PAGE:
In less than three months, Alberta's new Premier has emerged as a leading proponent for the Keystone XL project.
The Obama Administration on Nov. 10 announced that it would postpone making a decision on whether TransCanada's proposed Keystone XL Pipeline project is in the U.S. national interest. Gaining the designation would be a critical step for the project, which would carry crude oil from Alberta's Oil Sands to refineries on the U.S. Gulf Coast.
Keystone XL has undergone rigorous environmental scrutiny from the State Department, and this past summer the agency found that the 36-inch-diameter oil pipeline would post 'no significant impacts' to most resources along the proposed route. In November, however, the Obama Administration justified the delay in part by citing concerns about the pipeline's proposed route through an area of Nebraska overlying the Ogallala Aquifer. The agency has said that a decision on the national interest designation likely will not be forthcoming until at least early 2013—after next year's presidential and congressional elections. Interestingly, within five days after the Nov. 10 announcement TransCanada had already reached an initial agreement with Nebraska officials to re-route the pipeline away from the environmentally sensitive Sandhills area in question. Gov. Dave Heinemann and other Nebraska officials who had supported modifying the route have since expressed support for expediting the State Department's decision-making process regarding the project.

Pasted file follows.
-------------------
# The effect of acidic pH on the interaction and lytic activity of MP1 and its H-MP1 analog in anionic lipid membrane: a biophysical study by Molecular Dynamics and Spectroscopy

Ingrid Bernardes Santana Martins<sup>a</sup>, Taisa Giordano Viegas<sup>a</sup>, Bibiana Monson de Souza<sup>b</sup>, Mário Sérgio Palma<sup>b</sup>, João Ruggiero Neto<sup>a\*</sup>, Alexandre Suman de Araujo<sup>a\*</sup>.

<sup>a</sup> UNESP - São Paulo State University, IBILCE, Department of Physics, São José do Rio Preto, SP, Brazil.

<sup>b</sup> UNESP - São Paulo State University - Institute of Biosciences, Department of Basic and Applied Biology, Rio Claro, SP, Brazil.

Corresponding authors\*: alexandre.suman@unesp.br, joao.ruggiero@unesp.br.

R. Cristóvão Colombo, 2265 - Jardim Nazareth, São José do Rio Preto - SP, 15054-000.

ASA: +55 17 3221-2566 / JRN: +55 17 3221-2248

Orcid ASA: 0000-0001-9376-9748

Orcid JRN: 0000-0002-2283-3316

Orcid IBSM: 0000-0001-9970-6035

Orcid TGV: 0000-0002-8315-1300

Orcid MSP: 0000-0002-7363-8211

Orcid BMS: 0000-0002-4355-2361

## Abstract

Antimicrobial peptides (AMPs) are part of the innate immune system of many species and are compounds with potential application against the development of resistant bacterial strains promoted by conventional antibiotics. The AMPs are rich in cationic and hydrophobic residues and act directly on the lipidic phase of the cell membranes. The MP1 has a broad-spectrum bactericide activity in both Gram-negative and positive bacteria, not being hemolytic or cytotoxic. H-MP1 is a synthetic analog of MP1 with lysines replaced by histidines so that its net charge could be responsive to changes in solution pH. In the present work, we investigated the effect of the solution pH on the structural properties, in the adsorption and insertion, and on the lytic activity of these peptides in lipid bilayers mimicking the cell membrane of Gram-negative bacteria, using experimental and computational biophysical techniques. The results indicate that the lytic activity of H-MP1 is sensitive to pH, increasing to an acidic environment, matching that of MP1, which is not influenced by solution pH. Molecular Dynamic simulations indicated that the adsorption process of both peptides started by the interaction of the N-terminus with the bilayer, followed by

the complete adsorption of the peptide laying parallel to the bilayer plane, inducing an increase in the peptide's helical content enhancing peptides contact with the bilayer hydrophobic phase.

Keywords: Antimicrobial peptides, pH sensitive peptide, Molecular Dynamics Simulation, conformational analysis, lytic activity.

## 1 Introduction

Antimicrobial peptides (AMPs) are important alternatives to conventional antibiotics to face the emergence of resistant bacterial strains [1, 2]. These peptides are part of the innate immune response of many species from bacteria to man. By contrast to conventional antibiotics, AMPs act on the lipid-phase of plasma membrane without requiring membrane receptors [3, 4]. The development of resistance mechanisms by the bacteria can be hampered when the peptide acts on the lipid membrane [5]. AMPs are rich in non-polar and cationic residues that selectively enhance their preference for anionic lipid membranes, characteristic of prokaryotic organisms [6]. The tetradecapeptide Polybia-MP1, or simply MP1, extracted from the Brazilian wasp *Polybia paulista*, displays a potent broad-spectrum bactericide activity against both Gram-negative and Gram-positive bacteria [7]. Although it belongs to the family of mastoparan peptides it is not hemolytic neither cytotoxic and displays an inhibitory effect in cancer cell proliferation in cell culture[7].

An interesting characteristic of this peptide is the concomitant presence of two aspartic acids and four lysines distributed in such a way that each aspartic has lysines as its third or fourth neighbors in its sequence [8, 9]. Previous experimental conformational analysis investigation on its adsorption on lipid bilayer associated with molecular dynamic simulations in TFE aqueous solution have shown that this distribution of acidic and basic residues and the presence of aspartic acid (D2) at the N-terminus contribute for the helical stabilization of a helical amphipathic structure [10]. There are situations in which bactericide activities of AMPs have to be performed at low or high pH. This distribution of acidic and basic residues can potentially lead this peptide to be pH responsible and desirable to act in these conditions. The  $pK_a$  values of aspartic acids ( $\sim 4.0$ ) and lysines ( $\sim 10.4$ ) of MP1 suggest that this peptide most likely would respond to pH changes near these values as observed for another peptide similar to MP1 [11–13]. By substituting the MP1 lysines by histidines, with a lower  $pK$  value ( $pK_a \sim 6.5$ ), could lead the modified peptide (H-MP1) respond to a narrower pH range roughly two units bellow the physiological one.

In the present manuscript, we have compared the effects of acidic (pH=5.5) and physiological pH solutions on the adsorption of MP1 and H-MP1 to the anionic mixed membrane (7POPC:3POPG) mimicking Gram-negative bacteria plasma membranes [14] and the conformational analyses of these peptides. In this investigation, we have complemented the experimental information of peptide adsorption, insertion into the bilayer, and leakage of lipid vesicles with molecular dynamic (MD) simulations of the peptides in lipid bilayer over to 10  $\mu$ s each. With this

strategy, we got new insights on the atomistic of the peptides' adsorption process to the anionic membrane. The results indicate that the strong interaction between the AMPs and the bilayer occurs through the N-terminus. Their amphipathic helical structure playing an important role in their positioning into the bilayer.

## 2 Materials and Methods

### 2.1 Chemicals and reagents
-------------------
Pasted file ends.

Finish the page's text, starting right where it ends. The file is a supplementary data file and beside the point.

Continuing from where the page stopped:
As of this writing, the U.S. House and Senate were advancing legislation to compel the Obama Administration to reach a decision within 60 days. One prominent supporter of Keystone XL who is closely monitoring the ongoing legislative and bureaucratic maneuvering in the U.S. is Alberta Premier Alison Redford.
Although Redford only became premier in October of this year, she has quickly emerged as a leading proponent for the Keystone XL project as well as a voice for the overall growth of Alberta's oil and gas industry. She recently granted DownstreamToday.com an interview to discuss her views on advancing the industry in Alberta and in neighboring Canadian provinces. The exchange follows.
DST: As the chief executive of Alberta, what do you see as your role in advancing the province's oil and gas sector?